So how do you get this right? First, don’t do it quickly, and don’t do it alone. Job descriptions, like strategic plans, are best written collaboratively. If you are revising an existing job description–perhaps because of COVID–speak with person who currently does the job, their direct report(s), and potentially their colleagues. If this is an existing job that has mutated because of COVID, you’ll want to find out what the position looked like before it absorbed tasks from other positions. If it’s now two positions now co-joined, it’s a good idea to be transparent if for no other reason than in stressful times employees performing two roles as one, need to know which takes precedent over the course of a week, and which role trumps the other in terms of responsibility. For example, pre-COVID you had both a collections manager and a curator. Now you have only a curator, someone whose heart doesn’t race at the thought of a perfectly catalogued collection, but rather at the creation of imaginative and thoughtful exhibits. An honest and transparent discussion will help your colleague identify how their job description and thus their performance goals fit into the organizational scope and sequence.

Once you’ve done your analysis, and potentially amended the title, come up with a pithy job summary. Here is where you want to summon your inner Hemingway, and write a clear, concise, yet intriguing description of what this person will do, not in the worst of times, but in the best of times. Next, draft their responsibilities. They should be broad enough so they’re not a to-do list, but specific enough to prevent anarchy. Last, add the job’s requirements. You don’t want someone applying for a job that requires daily lifting of 25 pounds and up, if there are health reasons that prevent them from lifting. If you have an HR department, they will work from your draft, making sure that the appropriate legal language is included–particularly as it involves HDA compliance — and that you have neither overstepped nor undersold what you expect this person to do.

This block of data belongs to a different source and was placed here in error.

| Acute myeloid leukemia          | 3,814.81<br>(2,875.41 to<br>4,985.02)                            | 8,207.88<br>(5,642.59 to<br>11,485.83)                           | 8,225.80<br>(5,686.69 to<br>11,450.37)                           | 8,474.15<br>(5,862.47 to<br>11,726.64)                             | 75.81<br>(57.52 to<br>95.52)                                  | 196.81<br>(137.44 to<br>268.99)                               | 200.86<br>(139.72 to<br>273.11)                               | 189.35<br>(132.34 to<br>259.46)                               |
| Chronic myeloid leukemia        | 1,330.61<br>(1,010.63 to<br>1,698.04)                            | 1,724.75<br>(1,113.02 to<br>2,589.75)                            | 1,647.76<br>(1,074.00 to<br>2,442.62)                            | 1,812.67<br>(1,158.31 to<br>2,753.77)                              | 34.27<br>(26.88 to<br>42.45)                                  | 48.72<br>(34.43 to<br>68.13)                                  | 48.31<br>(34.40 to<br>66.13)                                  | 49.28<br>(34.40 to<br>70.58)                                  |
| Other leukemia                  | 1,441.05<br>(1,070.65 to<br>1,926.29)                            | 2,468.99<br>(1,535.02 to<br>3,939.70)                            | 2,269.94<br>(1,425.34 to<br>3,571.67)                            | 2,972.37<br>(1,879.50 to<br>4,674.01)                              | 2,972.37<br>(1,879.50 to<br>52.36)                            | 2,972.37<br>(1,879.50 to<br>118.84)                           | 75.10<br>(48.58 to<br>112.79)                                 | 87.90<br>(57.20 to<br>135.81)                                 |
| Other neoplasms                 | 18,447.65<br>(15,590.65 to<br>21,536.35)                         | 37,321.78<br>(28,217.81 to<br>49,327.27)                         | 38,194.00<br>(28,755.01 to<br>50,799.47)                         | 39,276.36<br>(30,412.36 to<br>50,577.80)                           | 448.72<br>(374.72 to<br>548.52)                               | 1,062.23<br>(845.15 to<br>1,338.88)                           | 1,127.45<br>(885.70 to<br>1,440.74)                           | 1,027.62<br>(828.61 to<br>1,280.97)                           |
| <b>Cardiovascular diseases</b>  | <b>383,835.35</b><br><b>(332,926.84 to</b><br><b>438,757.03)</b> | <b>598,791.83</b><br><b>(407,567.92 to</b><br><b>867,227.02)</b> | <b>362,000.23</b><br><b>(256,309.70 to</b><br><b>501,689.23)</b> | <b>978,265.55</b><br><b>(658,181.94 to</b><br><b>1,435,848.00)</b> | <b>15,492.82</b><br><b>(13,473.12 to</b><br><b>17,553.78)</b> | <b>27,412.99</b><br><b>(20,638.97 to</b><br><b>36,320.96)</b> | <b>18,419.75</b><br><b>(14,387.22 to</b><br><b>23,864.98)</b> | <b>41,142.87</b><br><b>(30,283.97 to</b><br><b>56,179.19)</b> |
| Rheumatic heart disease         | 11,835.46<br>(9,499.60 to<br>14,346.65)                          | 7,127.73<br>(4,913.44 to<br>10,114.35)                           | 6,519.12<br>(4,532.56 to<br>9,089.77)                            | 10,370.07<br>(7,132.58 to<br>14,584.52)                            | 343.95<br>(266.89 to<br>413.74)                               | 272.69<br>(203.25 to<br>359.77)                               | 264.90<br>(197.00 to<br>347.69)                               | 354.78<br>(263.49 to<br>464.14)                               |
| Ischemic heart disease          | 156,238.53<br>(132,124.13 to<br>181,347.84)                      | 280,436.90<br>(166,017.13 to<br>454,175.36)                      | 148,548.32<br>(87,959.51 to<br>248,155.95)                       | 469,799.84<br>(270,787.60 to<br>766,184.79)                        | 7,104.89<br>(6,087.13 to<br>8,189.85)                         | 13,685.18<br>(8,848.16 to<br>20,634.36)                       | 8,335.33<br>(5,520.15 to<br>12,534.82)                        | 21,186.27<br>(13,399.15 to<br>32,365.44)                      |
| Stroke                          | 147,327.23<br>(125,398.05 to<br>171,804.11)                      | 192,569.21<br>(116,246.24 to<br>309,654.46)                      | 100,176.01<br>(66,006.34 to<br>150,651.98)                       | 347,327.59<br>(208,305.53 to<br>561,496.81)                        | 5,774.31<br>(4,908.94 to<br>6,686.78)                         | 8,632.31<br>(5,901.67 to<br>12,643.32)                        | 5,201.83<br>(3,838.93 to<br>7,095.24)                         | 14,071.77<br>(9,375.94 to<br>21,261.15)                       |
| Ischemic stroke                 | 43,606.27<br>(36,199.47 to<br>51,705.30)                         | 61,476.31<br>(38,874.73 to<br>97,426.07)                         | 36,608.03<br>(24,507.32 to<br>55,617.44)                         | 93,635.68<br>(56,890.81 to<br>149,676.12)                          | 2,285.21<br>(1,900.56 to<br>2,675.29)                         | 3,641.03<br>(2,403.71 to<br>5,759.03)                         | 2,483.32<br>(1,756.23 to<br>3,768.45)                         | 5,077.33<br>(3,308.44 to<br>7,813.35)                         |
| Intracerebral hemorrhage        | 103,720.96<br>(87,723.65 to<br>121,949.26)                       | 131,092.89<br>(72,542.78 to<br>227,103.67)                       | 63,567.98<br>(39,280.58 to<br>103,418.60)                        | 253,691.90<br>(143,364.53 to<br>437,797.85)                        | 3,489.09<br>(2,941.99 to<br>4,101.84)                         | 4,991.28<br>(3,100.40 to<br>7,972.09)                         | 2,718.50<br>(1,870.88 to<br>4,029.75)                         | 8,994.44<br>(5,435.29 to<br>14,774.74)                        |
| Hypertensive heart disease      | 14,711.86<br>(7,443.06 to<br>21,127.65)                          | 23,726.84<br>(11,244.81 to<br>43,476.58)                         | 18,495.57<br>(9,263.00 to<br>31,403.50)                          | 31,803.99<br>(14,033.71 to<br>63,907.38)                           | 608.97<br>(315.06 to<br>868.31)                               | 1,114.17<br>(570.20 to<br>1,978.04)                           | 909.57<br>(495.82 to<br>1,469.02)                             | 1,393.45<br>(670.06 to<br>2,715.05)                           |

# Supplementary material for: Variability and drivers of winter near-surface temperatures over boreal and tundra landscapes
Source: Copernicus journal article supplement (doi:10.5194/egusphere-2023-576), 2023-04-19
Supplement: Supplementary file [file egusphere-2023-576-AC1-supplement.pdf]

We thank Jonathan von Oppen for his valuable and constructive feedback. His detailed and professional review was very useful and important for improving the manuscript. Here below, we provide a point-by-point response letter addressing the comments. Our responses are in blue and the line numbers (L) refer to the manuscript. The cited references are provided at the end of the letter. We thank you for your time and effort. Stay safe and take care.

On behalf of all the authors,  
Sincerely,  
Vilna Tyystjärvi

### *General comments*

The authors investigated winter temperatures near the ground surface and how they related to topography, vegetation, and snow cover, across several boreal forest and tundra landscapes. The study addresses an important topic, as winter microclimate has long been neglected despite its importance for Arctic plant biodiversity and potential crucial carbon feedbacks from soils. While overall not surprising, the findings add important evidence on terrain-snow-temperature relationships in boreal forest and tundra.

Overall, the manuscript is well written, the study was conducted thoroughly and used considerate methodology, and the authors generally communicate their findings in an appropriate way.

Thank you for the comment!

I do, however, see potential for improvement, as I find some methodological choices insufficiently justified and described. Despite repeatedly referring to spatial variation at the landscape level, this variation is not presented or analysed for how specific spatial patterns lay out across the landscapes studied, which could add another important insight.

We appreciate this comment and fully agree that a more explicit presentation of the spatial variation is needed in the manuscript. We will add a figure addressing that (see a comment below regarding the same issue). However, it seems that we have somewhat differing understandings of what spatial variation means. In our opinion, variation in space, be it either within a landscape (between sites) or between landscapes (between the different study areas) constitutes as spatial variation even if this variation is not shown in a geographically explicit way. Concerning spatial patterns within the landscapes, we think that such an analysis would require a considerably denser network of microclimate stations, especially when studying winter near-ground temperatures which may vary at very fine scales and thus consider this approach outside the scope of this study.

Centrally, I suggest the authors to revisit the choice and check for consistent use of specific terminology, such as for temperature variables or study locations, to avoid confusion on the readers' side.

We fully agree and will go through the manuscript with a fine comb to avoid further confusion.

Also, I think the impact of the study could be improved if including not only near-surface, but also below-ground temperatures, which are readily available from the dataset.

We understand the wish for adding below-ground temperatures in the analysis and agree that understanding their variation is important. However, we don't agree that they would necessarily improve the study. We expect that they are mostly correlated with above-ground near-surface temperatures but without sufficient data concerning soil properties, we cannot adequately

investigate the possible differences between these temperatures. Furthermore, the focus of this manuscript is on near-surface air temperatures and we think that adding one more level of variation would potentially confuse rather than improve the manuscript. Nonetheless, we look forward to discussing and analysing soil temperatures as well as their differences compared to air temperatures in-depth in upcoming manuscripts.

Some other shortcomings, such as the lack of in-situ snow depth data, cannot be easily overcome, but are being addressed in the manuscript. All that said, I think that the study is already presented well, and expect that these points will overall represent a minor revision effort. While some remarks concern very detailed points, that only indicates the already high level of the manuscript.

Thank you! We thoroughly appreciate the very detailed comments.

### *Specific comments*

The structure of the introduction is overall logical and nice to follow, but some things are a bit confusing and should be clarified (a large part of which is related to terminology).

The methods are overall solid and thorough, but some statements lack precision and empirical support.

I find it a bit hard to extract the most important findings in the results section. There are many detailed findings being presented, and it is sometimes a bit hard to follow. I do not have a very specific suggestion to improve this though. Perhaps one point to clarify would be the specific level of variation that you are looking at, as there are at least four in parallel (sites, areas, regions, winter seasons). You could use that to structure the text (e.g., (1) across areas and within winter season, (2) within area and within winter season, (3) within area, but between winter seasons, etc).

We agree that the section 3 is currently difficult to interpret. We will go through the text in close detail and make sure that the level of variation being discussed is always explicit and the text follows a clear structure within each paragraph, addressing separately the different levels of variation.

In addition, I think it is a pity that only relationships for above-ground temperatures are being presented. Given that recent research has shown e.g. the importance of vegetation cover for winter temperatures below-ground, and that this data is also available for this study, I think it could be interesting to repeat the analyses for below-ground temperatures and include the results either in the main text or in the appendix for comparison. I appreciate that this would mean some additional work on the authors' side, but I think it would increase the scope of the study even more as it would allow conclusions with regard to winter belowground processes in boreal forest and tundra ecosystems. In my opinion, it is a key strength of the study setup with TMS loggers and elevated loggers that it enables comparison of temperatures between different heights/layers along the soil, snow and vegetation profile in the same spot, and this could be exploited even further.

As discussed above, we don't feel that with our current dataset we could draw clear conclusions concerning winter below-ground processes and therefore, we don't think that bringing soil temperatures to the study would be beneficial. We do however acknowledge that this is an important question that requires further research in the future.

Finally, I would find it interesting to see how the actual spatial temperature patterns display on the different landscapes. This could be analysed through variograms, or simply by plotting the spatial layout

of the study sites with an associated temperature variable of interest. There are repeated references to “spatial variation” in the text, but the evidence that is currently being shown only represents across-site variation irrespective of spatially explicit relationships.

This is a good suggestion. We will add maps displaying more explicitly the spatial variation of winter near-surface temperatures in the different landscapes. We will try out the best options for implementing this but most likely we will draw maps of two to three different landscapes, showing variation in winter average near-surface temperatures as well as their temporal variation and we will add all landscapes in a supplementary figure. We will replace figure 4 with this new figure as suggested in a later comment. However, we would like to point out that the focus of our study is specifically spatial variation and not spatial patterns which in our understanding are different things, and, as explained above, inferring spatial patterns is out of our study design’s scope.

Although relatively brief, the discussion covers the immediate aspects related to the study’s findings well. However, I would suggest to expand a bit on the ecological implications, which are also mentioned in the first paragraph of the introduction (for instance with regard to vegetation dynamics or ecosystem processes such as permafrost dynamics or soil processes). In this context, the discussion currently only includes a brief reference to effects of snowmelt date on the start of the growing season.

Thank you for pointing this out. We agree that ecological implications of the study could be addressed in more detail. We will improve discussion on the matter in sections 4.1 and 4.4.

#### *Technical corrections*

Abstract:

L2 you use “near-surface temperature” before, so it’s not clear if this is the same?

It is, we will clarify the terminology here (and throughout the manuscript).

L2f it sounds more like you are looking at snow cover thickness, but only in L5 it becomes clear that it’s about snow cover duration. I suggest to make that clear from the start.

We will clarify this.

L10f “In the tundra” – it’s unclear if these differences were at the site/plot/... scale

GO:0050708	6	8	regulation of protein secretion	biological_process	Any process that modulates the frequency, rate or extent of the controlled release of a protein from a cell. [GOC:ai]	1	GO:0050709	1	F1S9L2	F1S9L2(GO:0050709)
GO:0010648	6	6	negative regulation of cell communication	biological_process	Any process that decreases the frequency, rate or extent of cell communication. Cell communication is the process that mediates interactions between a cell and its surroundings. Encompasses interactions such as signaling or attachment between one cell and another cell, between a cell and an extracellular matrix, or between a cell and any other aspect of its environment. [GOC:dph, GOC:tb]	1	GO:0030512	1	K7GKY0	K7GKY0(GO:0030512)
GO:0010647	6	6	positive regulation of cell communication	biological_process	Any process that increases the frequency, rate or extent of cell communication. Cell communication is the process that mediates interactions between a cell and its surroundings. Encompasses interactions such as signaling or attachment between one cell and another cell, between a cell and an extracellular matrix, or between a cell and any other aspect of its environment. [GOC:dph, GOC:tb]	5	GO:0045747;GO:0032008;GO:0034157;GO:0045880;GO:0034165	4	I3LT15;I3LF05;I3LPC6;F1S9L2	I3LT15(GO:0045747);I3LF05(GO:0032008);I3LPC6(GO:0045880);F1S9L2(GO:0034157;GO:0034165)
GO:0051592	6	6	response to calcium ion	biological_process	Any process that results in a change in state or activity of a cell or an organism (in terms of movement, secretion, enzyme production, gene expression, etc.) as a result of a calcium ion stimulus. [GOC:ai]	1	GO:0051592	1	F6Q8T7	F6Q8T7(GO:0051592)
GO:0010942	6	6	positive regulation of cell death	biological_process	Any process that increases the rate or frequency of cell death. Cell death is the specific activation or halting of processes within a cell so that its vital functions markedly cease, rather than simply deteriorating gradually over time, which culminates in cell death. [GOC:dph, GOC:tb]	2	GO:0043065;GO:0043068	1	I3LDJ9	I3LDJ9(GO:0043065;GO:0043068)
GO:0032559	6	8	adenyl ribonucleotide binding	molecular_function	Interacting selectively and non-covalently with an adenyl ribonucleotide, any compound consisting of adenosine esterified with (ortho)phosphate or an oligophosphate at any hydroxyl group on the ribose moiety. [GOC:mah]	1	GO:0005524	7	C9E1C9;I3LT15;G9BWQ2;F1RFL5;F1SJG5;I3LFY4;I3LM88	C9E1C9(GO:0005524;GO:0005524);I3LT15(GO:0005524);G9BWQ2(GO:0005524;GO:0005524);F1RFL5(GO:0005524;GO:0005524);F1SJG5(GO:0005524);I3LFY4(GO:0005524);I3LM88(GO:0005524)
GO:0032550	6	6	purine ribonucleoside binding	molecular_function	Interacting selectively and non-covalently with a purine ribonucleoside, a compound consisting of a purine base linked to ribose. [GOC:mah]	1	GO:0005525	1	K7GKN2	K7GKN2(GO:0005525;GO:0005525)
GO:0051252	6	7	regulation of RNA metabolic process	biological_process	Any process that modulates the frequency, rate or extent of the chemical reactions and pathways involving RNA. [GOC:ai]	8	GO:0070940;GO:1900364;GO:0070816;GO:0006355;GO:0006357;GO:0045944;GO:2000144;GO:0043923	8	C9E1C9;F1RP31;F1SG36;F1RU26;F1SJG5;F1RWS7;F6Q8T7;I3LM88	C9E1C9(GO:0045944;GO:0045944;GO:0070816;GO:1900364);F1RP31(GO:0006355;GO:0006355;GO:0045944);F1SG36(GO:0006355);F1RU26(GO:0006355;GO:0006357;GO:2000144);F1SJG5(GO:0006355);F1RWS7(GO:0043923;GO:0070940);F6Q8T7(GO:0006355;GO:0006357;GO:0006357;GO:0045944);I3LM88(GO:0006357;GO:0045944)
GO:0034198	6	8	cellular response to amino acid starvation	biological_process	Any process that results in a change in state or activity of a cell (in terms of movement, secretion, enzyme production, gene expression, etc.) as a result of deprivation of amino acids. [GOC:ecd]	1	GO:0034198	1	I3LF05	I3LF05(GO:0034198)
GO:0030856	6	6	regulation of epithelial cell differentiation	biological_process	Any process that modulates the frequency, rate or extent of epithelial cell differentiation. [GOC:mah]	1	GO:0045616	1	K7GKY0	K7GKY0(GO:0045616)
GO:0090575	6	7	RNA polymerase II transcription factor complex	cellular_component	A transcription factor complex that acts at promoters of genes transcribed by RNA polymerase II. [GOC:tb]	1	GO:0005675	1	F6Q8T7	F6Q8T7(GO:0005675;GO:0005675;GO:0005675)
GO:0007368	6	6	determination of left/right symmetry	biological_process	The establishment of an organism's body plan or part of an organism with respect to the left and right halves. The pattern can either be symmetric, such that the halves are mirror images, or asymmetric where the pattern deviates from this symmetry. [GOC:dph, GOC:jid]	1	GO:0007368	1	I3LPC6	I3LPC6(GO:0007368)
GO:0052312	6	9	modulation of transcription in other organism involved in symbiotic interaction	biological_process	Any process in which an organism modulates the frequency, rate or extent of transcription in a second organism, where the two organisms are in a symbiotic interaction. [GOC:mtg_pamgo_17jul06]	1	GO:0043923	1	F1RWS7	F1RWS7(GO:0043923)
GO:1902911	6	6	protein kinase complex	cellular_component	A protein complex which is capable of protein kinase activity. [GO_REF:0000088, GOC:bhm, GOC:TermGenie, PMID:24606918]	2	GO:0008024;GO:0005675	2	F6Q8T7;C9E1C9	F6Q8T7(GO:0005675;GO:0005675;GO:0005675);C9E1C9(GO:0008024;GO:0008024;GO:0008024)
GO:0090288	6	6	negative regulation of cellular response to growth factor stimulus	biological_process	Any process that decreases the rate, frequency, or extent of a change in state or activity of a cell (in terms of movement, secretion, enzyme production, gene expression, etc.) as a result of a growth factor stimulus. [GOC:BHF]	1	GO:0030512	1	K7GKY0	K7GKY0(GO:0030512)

If you do have an HR department at your museum or heritage organization, they may not look fondly on your revising job descriptions annually. In theory, when that happens HR scopes out how the position has changed state or region-wide in terms of salary and benefits. But jobs within a organization are like an extended game of telephone. They mutate and change to fit the individuals performing them. As leaders, whether it’s a team, a program, department or organization, our job is to watch out for performance drift. Like mission drift, it’s when an individual, perhaps because they are over-burdened, disaffected or simply selfish, begins to work outside the scope of their job description. It’s much easier to do this in organizations where once you’re hired no one ever refers to your job description again. If you don’t already, you may want to consider meeting with your direct reports quarterly to look at how their jobs have changed, and aligning them with your organization’s goals and objectives. Job descriptions connect to people, so it helps to really know your staff. Some may welcome more structure while others more autonomy. Hopefully, you will create the best job description not only for the organization, but also the individual.

Be well. Stay safe. Write clearly.

Joan Baldwin


Covid, Crying and Thoughts on Hiring

fiedler, CC BY-SA 3.0, https://commons.wikimedia.org/w/index.php?curid=58670503